Wrapping up our series on the proposed amendments from the Constitution Revision Commission most affecting northwest Florida, one would abolish what some view as a sport, and others consider to be animal cruelty.
On a 6-1 vote, the Florida Supreme Court in September kept Amendment 13 on the November 6 ballot. It seeks a ban on greyhound racing across the state.
While greyhounds have been around for about four thousand years, modern greyhound racing began in California in 1919, with the invention of the mechanical lure – that fake rabbit the dogs chase around the track. Pensacola Greyhound Track is one of 12 in Florida, opening in 1947.
If approved by 60 percent plus-one of Florida voters, dog racing would be outlawed by the year 2020. CRC member and former State Senate President Tom Lee was the bill’s sponsor.
“There are roughly 8,000 racing dogs at Florida tracks currently; there are 12 tracks operating here in Florida which represents two-thirds of those tracks nationwide,” said Lee. “Because greyhound racing is illegal now in 40 states and since 2004, the industry has essentially been cut in half.”
Currently, only a half-dozen states have active dog tracks. In the past 25 years, 13 states have outlawed greyhound racing. It’s an industry, says Lee, that’s clearly in decline.
“Since 1990 the amount wagered on greyhound racing has declined by 75 percent; the taxes and fees associated with that have been reduced by 90 percent,” contends Lee. “As a result, the state loses money – a substantial amount of money. Essentially we are propping up this industry by using other revenue sources to fund the deficiency between the revenue that comes in off of dog racing, and the cost to regulate it.”
That disparity is estimated at between one million and $3.3 million and growing, according to a study on pari-mutuel wagering in Florida conducted for the Legislature.
Money aside, Lee says the core of this amendment is the inhumane treatment of the dogs. The numbers are as of last April.
“A greyhound dies every three days at a Florida track,” Lee said. “Since the state began tracking greyhound deaths in 2013, 438 dogs have died at race tracks in our state. Florida and Alabama are the only two states now that have some form of greyhound injury reporting to the public.”
In a lawsuit filed in Leon County circuit court earlier this year, the Florida Greyhound Association claimed there were numerous flaws in the amendment. Lobbyist Jack Corey said the ballot title and summary don’t fully inform voters about the impact of the amendment if approved.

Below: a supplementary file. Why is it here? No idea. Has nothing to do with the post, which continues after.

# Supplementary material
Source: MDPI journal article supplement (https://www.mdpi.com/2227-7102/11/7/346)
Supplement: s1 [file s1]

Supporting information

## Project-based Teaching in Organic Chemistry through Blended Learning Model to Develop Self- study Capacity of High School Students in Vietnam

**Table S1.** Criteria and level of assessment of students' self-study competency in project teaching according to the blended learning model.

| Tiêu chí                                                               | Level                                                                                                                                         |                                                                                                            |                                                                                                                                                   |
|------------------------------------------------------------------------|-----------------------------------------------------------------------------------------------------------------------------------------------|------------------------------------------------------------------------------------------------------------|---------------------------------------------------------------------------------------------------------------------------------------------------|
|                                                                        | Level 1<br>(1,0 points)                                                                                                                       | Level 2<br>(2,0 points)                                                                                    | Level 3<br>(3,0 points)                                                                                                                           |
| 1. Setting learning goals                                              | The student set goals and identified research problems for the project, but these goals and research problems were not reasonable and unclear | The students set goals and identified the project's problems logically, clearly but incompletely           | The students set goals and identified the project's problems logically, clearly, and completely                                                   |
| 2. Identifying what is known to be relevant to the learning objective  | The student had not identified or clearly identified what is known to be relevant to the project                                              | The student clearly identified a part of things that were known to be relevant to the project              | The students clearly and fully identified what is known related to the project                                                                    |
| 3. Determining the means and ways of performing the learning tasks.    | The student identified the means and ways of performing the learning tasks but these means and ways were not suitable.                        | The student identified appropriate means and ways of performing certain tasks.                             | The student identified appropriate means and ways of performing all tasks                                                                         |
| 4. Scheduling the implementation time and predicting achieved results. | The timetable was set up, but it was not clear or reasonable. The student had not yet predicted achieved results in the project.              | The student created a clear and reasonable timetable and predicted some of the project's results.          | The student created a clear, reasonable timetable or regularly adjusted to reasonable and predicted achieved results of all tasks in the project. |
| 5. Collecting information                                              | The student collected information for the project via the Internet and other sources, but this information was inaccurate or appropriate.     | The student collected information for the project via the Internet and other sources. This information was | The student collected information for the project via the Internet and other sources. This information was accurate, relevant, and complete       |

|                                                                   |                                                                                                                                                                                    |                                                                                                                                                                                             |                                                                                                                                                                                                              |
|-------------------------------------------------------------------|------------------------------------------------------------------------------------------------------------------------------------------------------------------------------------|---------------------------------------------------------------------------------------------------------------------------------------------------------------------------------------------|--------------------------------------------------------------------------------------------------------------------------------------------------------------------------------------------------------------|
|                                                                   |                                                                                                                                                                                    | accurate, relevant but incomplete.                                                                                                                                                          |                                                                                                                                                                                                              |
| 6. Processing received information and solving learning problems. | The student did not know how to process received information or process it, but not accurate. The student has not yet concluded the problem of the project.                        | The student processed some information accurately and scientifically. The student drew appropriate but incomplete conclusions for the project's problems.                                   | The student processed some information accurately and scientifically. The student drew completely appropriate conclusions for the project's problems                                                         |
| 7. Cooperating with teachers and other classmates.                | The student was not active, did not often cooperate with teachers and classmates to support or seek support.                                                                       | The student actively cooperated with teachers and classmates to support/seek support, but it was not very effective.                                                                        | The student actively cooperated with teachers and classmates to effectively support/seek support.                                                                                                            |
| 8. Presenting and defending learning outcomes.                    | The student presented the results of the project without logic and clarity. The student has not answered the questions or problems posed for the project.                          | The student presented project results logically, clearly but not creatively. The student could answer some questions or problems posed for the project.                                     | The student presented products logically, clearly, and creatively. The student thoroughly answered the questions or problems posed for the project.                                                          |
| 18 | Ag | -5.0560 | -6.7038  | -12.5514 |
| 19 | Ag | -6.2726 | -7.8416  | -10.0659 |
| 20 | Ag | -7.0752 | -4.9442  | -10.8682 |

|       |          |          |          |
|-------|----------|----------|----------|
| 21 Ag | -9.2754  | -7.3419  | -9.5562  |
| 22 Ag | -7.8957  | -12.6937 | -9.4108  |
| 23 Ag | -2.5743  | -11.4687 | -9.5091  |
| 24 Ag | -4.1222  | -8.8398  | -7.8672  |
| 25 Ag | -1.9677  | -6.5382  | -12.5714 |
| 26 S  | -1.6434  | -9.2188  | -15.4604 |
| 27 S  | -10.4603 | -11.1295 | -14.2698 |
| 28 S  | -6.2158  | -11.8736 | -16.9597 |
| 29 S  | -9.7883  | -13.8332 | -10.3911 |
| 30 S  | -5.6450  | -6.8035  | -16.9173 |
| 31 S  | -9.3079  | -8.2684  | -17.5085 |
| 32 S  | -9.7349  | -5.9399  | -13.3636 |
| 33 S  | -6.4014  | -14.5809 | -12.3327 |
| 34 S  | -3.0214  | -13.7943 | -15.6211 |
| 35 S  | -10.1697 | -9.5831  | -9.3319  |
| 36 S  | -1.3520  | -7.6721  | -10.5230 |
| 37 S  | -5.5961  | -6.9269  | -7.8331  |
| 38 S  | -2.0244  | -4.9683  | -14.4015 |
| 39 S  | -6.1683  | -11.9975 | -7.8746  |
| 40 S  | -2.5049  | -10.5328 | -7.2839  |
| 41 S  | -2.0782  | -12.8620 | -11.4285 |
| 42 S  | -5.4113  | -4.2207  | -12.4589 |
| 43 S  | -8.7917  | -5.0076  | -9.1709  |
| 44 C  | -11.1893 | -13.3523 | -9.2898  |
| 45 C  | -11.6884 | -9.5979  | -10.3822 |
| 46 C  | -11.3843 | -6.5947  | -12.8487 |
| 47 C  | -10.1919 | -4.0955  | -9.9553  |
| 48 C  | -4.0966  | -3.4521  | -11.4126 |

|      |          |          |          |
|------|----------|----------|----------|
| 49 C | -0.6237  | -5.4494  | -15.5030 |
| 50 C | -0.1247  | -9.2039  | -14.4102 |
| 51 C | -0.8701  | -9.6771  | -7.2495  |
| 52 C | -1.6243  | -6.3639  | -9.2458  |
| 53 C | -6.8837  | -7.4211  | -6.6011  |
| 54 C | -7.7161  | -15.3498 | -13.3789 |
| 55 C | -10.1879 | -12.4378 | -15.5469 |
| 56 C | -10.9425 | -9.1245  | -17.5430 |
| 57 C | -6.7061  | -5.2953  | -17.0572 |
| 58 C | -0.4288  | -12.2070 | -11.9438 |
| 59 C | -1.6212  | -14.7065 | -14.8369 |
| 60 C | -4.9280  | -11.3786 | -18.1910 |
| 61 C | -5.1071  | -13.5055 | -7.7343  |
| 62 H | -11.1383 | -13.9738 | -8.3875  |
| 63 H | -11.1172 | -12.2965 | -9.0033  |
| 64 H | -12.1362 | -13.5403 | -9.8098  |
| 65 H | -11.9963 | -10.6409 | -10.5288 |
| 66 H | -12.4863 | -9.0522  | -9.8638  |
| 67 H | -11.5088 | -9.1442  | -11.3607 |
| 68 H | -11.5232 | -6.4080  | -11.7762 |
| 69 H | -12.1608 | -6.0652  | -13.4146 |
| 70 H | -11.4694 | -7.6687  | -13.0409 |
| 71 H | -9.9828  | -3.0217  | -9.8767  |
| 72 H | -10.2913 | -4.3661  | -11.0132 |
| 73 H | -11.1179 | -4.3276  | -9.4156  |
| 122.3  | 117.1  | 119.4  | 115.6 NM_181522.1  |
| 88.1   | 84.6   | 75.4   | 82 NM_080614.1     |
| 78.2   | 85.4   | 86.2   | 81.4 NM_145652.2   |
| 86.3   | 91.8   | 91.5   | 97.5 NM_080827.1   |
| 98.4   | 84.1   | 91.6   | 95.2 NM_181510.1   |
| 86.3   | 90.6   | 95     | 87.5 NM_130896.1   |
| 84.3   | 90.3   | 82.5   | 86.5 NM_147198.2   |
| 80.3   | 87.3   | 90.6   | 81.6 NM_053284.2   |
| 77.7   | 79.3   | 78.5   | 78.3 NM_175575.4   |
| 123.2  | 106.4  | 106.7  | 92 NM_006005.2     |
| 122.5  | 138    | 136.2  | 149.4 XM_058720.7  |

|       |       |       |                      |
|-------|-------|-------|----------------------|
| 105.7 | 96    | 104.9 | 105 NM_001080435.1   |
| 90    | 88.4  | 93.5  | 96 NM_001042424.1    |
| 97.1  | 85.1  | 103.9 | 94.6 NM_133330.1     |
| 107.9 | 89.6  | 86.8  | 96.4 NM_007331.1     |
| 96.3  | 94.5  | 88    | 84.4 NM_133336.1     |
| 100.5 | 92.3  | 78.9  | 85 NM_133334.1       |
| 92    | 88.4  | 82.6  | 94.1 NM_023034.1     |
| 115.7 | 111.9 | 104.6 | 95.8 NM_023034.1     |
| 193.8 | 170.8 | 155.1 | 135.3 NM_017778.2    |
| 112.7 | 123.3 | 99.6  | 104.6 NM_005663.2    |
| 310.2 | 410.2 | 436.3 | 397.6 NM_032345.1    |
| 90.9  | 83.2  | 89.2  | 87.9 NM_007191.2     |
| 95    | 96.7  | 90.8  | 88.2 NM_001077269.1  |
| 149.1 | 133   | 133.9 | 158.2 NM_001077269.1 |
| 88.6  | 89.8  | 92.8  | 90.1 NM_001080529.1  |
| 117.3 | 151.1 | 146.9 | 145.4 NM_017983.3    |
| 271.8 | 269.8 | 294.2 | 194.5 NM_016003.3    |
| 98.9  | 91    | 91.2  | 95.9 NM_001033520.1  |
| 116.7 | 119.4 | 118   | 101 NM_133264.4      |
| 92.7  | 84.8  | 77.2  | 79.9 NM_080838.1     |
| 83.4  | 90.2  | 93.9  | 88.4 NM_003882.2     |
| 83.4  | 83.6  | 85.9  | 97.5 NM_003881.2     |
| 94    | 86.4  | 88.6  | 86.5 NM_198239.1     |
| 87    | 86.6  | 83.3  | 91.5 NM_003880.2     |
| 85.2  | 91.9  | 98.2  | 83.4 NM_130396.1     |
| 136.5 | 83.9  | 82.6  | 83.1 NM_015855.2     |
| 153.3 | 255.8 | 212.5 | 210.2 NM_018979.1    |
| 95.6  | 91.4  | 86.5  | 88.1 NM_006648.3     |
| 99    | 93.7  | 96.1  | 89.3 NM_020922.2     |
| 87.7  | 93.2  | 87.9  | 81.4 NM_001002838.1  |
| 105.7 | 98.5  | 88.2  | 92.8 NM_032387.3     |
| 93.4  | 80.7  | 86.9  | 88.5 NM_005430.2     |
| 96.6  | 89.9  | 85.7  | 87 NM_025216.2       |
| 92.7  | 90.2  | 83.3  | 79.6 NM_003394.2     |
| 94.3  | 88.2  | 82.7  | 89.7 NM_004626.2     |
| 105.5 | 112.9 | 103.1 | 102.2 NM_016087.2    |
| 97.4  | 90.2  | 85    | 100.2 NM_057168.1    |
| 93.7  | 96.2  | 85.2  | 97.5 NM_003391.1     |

“What [A-13] is going to do is stop live greyhound racing in the state of Florida; cost the state of Florida over $80 million a year in live betting in live greyhound racing,” Corey argues. “Two hundred million dollars at greyhound tracks; 3,000 jobs, and put 8,000 beautiful greyhounds at risk.”
The complaint is a desperate attempt to thwart voters from deciding greyhound racing’s fate, according to Kate MacFall with the Humane Society of the United States.
“The reality is, Floridians love dogs; they’re members of our families,” said MacFall. “And they don’t support them being confined, injured and certainly dying – and the cruelty that goes along with the industry. And [the dogs] certainly deserve to be protected from industries and individuals that do them harm.”
Numerous calls to officials at Pensacola Greyhound Track for an interview were not returned. The 12 Florida tracks would still be allowed to operate other gambling activities, such as slot machines and poker rooms – the latter now offered at the Pensacola Track.
“I’m a career prosecutor; my entire adult life I’ve prosecuted many, many cruelty to animals cases even when I was a felony bureau chief and not taking cases, I would take those,” said Attorney General Pam Bondi, a CRC member.
One obstacle in prosecuting animal cruelty cases at dog tracks, she says, is that they’re virtually impossible to investigate because they’re usually hidden from view.
“These dogs I’ve seen first-hand after the fact are scared to death of their own shadow,” Bondi said. “It’s inhumane and in my opinion it’s cruelty to animals and it’s horrible. Are you aware that most of them are skin and bones when they’re taken away from the dog tracks?”
“One of the most telling features about an animal that has been abused is, as Commissioner Bondi says, is how it behaves,” said sponsor Tom Lee. “These instances have been reported time and time again by these adoption agencies that are taking these dogs after their racing eligibility has expired.”
Animal cruelty within the framework of legal greyhound racing, contends Attorney General Pam Bondi, is among the worst such cases she’s seen. She adds that Amendment-13 is getting a lot of attention.
“If your good amendment passes, people around the country and watching and waiting, and will take every single one of these dogs; not euthanize them and find them good homes,” Bondi said.
And this is not the first time greyhound racing in Florida has gone under the political microscope. Despite apparent support among state lawmakers to ban it over the years, the notion has failed when it became intertwined with other gambling-related issues.
After more than a century of debate, the issue now goes to the voters.